Homemade Blueberry Syrup Recipe

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This blueberry syrup recipe is easy to make and has the perfect balance of sweetness while preserving the delicious blueberry flavor.

Homemade blueberry syrup in pint jar on cutting board.

When you hear the word syrup, you probably think of maple syrup. My family love maple syrup, but there’s something that just feels so special when you pour homemade blueberry syrup over a fluffy stack of pancakes.

If you check the price of blueberry syrup at the grocery store, you’ll probably set it right back down on the shelf. Fortunately, it’s incredibly easy to make your own blueberry syrup at home with a handful of simple ingredients.

While it may seem like you need an abundance of blueberries to make fresh blueberry syrup, you can use either frozen or fresh berries, so you can make this recipe any time of year. And the best part is you don’t need much sugar to sweeten this incredible syrup.

Ingredients

  • 4 cups blueberries
  • ¾ cup filtered water
  • 5 tablespoons granulated sugar
  • 1 ½ teaspoons fresh-squeezed lemon juice
  • 2-3 large slices lemon peel

By the Numbers: How to Make Blueberry Syrup

Follow these easy steps to make your own blueberry syrup with simple ingredients in your own kitchen.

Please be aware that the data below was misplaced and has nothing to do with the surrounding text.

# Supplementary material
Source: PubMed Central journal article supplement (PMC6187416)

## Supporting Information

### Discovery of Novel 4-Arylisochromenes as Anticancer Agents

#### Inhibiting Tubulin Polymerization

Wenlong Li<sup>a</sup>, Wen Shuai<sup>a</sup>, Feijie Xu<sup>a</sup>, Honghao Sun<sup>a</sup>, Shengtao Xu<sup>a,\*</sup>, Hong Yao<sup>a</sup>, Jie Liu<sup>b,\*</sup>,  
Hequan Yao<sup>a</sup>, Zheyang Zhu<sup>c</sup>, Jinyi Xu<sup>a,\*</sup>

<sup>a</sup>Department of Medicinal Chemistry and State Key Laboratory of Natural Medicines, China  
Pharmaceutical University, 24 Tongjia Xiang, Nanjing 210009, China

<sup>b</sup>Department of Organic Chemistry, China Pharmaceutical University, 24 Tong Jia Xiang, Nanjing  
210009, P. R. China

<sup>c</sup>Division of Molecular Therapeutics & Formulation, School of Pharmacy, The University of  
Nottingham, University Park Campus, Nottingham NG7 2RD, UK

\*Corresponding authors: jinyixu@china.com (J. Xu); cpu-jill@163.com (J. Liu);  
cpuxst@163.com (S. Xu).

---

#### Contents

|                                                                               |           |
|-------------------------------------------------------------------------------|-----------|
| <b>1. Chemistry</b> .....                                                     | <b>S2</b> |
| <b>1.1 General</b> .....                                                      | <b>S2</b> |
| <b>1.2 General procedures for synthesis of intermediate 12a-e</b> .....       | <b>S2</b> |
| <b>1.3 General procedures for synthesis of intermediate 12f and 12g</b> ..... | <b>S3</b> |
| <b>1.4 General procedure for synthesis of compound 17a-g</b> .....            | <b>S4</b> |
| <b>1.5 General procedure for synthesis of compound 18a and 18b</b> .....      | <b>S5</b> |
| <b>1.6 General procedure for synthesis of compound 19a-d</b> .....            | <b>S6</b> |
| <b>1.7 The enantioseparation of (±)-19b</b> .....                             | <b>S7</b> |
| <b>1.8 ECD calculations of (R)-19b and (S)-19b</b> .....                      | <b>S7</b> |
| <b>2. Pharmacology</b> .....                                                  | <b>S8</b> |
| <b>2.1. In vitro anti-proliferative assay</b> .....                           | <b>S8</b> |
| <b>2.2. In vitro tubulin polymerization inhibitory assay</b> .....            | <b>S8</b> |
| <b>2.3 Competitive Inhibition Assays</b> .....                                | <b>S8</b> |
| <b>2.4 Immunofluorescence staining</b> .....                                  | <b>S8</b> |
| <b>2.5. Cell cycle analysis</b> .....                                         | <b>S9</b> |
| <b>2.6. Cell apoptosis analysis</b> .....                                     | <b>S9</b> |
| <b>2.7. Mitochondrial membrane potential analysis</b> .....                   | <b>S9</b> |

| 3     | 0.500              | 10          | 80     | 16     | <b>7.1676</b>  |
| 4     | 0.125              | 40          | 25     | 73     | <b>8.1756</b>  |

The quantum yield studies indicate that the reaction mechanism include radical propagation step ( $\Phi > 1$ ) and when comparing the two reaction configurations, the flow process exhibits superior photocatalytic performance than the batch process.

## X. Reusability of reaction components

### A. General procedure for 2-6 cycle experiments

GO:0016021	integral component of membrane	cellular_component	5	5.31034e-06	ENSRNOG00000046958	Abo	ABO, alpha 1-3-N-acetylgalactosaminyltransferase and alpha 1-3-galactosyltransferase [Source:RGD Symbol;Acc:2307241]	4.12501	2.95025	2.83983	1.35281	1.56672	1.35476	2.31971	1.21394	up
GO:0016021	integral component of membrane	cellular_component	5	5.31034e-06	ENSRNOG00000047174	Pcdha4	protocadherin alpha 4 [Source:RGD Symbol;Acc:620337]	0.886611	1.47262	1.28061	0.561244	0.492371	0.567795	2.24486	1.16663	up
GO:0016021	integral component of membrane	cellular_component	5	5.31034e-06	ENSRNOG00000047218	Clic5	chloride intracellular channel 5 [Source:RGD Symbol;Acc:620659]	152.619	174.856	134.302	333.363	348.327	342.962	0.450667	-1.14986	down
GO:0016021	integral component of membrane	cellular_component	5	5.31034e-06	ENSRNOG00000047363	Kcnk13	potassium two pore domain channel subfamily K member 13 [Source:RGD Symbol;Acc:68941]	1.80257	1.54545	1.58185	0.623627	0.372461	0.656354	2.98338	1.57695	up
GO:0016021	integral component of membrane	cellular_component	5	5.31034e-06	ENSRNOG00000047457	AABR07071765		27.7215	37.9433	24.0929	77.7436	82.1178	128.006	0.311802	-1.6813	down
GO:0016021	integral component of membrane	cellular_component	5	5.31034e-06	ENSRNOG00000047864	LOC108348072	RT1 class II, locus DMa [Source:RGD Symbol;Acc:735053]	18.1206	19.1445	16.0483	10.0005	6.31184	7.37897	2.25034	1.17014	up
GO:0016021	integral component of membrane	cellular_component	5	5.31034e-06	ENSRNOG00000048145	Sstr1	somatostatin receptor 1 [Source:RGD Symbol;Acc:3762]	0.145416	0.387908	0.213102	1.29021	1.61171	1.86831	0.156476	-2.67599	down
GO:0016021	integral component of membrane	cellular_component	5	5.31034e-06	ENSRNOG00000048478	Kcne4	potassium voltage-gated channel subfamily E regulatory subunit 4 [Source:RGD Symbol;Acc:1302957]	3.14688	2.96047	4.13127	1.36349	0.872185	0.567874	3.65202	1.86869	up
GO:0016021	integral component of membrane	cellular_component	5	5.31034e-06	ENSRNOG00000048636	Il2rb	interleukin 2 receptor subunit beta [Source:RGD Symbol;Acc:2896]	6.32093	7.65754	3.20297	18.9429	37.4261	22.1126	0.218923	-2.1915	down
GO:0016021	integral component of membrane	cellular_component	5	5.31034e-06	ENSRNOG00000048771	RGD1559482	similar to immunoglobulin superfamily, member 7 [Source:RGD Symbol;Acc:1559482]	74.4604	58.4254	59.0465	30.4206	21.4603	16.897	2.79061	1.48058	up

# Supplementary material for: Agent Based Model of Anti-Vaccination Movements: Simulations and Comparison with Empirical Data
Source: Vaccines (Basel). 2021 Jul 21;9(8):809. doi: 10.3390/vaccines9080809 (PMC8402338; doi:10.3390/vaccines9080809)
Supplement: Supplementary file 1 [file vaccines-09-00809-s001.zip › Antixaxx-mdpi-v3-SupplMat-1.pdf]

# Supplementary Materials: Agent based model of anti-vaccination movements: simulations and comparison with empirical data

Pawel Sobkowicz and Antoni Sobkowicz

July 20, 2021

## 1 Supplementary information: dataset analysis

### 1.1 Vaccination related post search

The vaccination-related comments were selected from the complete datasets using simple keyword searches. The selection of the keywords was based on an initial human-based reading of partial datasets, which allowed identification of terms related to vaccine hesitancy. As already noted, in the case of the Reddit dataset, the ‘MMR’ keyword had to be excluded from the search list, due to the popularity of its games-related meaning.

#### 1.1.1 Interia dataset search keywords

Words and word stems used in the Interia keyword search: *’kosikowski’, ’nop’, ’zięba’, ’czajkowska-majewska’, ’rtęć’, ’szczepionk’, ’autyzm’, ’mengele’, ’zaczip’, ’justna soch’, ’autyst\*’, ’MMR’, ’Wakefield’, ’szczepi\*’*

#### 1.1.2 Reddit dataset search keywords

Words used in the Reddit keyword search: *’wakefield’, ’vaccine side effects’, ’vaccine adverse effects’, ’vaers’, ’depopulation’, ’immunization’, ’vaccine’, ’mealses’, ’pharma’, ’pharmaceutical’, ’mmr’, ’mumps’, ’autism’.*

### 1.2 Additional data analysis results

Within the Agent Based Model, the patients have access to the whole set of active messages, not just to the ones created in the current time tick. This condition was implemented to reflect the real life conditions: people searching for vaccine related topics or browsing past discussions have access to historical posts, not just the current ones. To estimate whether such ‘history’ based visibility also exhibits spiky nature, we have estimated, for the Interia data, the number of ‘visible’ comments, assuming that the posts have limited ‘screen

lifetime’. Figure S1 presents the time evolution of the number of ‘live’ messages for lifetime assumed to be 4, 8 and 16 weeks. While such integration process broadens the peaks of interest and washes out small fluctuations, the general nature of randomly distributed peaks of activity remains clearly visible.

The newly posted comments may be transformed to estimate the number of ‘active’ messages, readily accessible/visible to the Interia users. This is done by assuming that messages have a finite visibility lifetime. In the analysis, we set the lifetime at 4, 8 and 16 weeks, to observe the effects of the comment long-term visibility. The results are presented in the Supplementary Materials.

Step 1: Wash and Mash Blueberries.

Start by washing 4 cups of blueberries, then place them in your medium saucepan with ¾ cup of water.

Fresh blueberries and water in saucepan.

Step 2: Boil and Mash Berries.

Use a potato masher to smash and break down the berries. Turn the stove on to medium-high heat and bring the berries to a boil. Keep smashing until they are all broken down.

Berries being mashed in saucepan with potato masher.

Step 3: Simmer Blueberries into a Sauce.

Once they come to a boil, turn the heat down to medium-low and simmer for about 15 minutes. Be sure to stir regularly. The berries will keep breaking down and turn into a sauce.

Cooked blueberries broken down into a sauce.

Step 4: Strain Blueberry Syrup.

Place a fine mesh strainer or a strainer lined with cheesecloth over a large bowl. Remove the pan from the heat and pour the berry mixture through the strainer.

Press as much of the liquid out of the berries as you can. You can discard the berry solids, compost them or use them for another purpose – you don’t need them for the syrup.

Cooked blueberries being strained through a fine mesh strainer.

Step 5: Heat Blueberry Juice, Lemon Peel and Sugar.